By David S. Broder and Ceci Connolly
Democrats waited last night with growing apprehension for the public verdict on President Clinton's future.
As members of Congress headed home after the release of independent counsel Kenneth W. Starr's report on the White House scandal, many of their political consultants agreed privately with the judgment of former senator Paul Simon (D-Ill.): "Things are starting to unravel for the administration."
Republican reaction was summarized by GOP consultant Michael Murphy. "He's in huge trouble," Murphy said. "He's lost his ability to lead and set the national debate."
Whatever the potential political damage to Clinton and his party, most members of Congress and political operatives said the odds against his impeachment and conviction remained high.
"There's a very high standard for impeachment," said Rep. Mark Edward Souder (R-Ind.), a leader of arguably the most conservative faction of House Republicans. "You really need to have a compelling case, not just a partisan case."
Many of those interviewed in the first hours after Starr's 453-page report was released cautioned that it might be days before the full public reaction to the detailed description of Clinton's affair with former White House intern Monica S. Lewinsky can be gauged. But the first impression was that, even though the report had been expected for months, it was a further blow to a president whose personal approval ratings had already been on the skids.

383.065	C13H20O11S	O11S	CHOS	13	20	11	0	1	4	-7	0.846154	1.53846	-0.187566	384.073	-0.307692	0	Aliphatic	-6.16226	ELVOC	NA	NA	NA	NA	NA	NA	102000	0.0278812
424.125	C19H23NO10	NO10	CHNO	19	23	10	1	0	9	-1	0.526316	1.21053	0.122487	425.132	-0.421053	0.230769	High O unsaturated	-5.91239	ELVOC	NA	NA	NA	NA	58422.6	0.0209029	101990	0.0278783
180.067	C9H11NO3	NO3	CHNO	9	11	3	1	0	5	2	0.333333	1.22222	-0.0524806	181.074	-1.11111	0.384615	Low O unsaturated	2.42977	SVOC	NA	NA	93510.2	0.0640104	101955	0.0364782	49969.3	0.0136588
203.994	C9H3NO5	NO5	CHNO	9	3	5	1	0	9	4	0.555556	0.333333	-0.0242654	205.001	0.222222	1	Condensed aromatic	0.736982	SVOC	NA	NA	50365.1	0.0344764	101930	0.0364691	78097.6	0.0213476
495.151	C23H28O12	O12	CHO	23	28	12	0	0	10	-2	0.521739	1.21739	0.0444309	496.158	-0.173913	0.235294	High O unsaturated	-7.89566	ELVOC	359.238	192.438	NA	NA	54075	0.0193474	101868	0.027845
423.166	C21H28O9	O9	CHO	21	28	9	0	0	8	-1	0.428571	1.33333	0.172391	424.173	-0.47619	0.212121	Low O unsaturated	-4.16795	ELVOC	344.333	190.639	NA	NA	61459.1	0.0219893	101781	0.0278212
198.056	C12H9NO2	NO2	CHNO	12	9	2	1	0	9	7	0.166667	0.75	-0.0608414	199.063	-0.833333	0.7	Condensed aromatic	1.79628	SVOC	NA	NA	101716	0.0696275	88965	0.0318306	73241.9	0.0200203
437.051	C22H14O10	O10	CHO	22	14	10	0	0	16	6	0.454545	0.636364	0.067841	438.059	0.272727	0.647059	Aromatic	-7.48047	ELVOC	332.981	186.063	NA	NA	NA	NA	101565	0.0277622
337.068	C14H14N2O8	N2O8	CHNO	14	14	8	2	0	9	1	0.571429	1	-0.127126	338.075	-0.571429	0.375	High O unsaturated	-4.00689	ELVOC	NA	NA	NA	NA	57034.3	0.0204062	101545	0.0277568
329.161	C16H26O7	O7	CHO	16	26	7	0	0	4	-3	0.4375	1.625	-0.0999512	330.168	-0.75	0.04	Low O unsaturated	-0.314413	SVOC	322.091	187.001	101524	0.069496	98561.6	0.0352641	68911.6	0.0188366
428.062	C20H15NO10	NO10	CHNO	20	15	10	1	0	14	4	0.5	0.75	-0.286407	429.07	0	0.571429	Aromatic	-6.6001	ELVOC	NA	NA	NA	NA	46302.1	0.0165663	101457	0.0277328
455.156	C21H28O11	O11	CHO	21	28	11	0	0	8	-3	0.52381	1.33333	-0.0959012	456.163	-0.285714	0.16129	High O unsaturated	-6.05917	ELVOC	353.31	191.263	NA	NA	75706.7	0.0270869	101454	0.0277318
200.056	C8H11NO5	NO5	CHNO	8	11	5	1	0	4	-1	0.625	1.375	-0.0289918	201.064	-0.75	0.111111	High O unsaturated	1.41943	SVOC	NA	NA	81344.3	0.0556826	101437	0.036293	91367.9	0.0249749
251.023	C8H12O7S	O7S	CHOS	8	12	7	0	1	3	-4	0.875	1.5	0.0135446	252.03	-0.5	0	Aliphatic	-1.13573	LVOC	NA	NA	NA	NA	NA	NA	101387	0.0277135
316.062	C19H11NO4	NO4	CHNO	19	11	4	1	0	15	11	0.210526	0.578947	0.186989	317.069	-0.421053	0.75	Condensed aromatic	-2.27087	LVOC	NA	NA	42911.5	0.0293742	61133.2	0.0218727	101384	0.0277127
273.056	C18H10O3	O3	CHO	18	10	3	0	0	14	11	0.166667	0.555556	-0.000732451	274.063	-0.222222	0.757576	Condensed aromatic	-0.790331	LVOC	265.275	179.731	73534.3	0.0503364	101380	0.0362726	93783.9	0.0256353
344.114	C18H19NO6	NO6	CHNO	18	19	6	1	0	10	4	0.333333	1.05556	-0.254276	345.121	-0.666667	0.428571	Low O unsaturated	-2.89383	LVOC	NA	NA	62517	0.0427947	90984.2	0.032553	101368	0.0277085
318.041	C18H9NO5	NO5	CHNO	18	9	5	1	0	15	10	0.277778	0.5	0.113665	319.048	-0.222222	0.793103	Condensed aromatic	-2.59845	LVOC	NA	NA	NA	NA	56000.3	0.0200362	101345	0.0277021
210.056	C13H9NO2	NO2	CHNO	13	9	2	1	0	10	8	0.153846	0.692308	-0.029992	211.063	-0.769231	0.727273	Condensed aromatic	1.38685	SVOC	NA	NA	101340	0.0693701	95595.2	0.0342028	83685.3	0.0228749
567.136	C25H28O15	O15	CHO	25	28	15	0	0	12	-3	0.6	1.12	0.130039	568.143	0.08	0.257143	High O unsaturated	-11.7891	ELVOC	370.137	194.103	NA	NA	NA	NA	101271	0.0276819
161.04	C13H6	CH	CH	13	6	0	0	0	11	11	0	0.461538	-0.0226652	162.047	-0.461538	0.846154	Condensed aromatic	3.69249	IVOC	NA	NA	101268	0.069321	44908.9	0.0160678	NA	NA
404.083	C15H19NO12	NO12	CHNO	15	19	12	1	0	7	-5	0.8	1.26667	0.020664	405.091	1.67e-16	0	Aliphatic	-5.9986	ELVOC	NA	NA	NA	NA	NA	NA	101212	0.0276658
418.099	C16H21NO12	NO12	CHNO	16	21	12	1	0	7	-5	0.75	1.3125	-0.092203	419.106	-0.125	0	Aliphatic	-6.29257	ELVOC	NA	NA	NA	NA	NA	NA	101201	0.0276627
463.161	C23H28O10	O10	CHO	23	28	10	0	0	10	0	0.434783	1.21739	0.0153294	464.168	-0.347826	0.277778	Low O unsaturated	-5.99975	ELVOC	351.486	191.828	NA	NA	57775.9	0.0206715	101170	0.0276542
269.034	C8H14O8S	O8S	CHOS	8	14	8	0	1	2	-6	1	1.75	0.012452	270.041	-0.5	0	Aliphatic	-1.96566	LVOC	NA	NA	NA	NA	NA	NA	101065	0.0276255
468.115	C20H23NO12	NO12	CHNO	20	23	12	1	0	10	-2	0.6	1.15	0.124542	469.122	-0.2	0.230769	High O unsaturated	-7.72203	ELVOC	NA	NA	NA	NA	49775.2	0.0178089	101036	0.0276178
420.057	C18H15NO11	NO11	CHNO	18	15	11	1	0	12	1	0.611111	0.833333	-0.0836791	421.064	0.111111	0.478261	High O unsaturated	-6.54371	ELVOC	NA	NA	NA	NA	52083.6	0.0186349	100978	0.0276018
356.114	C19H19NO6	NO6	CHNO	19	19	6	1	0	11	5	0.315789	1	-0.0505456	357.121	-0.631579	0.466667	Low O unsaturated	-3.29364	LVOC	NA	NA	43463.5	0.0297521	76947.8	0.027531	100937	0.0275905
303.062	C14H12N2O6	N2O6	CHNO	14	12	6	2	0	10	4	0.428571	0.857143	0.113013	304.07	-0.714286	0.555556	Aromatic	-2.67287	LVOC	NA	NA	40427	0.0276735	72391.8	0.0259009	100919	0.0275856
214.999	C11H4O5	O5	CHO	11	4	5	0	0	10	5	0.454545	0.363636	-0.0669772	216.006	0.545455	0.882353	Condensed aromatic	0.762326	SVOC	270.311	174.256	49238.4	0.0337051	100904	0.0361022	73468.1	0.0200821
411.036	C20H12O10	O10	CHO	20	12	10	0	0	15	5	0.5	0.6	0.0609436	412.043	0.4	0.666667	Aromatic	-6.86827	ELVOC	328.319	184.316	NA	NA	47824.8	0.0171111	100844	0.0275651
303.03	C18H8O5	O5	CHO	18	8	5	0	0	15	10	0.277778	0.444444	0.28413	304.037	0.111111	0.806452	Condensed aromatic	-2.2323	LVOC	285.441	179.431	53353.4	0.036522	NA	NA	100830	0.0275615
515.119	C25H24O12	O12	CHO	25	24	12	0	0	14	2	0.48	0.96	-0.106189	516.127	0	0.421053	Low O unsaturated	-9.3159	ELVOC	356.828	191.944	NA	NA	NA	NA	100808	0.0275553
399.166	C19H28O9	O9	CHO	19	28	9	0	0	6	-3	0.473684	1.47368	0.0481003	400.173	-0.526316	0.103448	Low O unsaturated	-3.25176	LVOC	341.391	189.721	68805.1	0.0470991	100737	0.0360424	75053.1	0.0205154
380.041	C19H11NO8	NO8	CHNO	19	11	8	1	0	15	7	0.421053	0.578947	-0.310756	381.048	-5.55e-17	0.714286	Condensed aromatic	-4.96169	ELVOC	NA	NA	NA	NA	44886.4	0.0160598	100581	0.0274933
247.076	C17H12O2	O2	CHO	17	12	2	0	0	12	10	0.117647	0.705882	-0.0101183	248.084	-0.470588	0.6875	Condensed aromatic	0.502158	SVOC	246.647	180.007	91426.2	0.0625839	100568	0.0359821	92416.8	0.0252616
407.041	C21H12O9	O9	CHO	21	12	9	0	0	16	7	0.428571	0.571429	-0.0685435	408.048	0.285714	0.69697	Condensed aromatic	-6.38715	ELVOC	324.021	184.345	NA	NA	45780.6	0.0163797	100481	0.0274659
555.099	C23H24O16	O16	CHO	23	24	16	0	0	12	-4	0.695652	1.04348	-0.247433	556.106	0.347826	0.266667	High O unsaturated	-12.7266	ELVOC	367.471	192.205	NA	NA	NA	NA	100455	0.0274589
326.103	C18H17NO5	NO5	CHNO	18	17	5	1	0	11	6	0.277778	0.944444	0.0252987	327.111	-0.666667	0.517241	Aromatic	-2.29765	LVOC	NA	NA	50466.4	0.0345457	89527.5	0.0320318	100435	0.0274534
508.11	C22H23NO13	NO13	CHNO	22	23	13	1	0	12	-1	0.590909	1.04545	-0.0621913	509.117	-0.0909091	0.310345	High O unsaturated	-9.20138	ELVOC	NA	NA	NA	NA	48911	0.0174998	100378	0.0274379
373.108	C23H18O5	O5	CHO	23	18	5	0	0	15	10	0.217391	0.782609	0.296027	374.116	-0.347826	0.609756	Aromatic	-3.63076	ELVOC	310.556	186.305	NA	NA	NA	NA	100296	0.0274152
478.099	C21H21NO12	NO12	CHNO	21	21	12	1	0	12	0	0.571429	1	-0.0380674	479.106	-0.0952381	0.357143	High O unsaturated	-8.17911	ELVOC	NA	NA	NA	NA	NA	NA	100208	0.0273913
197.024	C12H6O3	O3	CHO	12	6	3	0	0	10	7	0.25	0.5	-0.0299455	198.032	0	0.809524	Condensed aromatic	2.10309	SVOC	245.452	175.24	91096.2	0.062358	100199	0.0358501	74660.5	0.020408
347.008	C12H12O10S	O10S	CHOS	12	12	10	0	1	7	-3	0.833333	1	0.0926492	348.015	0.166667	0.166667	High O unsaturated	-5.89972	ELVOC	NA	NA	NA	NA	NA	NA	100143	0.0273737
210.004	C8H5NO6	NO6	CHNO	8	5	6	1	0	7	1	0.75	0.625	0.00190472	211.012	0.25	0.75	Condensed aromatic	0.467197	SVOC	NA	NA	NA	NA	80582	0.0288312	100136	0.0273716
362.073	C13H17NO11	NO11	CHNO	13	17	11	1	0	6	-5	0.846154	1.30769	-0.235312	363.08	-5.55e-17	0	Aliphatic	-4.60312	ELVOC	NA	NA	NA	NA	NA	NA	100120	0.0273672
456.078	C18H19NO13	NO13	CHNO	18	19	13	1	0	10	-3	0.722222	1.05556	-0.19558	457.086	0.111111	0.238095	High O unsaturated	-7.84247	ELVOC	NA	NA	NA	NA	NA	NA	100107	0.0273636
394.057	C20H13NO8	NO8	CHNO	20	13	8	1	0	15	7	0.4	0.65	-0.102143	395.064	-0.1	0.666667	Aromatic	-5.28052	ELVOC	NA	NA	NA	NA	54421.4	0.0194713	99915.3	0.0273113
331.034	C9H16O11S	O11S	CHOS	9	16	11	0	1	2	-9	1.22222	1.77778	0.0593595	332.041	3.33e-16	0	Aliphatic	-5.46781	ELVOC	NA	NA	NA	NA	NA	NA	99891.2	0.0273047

"The more that the dialogue moves from the general and speculative to specific and factual, the slipperier the hill gets for Bill Clinton," said Democratic pollster Alan Secrest.
Some of the president's supporters expressed personal outrage at the explicit descriptions of sexual encounters in the Starr report and predicted there would be a public backlash against what one House member called the "vendetta" by the independent counsel.
"It's a weak case at best for impeachment," said Rep. Chakah Fattah (D-Pa.) "It really raises the question of Starr's motives." Another House Democrat, who declined to be quoted by name, said, "If he gets through this week and there's a backlash and people resent Starr for bringing all this crap into their living room, then maybe he could level out."
The release of the massive, sexually explicit report barely more than seven weeks before the midterm election created an unprecedented political environment. Few in either party were ready to bet heavily on how the public will react.
"It all depends on what seeing this in print does to the American people. There's nothing new in here. There's no smoking gun," said Rep. John Linder (R-Ga.), chairman of the National Republican Congressional Committee. "But I think the stark, written word will have an impact, and if the American people are totally shocked, it will register in Congress."
Jeff Eller, a White House spokesman during Clinton's first term and now a Texas-based political consultant, agreed that the situation is volatile. "By this time on Sunday, the American people are going to have a full, unadulterated, head-on dose of some of the most personal and graphic descriptions of things about their president," he said. "That is going to take some time to absorb and some time for them to analyze."
Some veterans of past political wars, however, were ready to venture predictions.
Former Senate majority leader Howard H. Baker Jr. (R-Tenn.) said, "I think the House will report bills of impeachment. "It all depends on what seeing this in print does to the American people. ... I think the stark, written word will have an impact, and if the American people are totally shocked, it will register in Congress."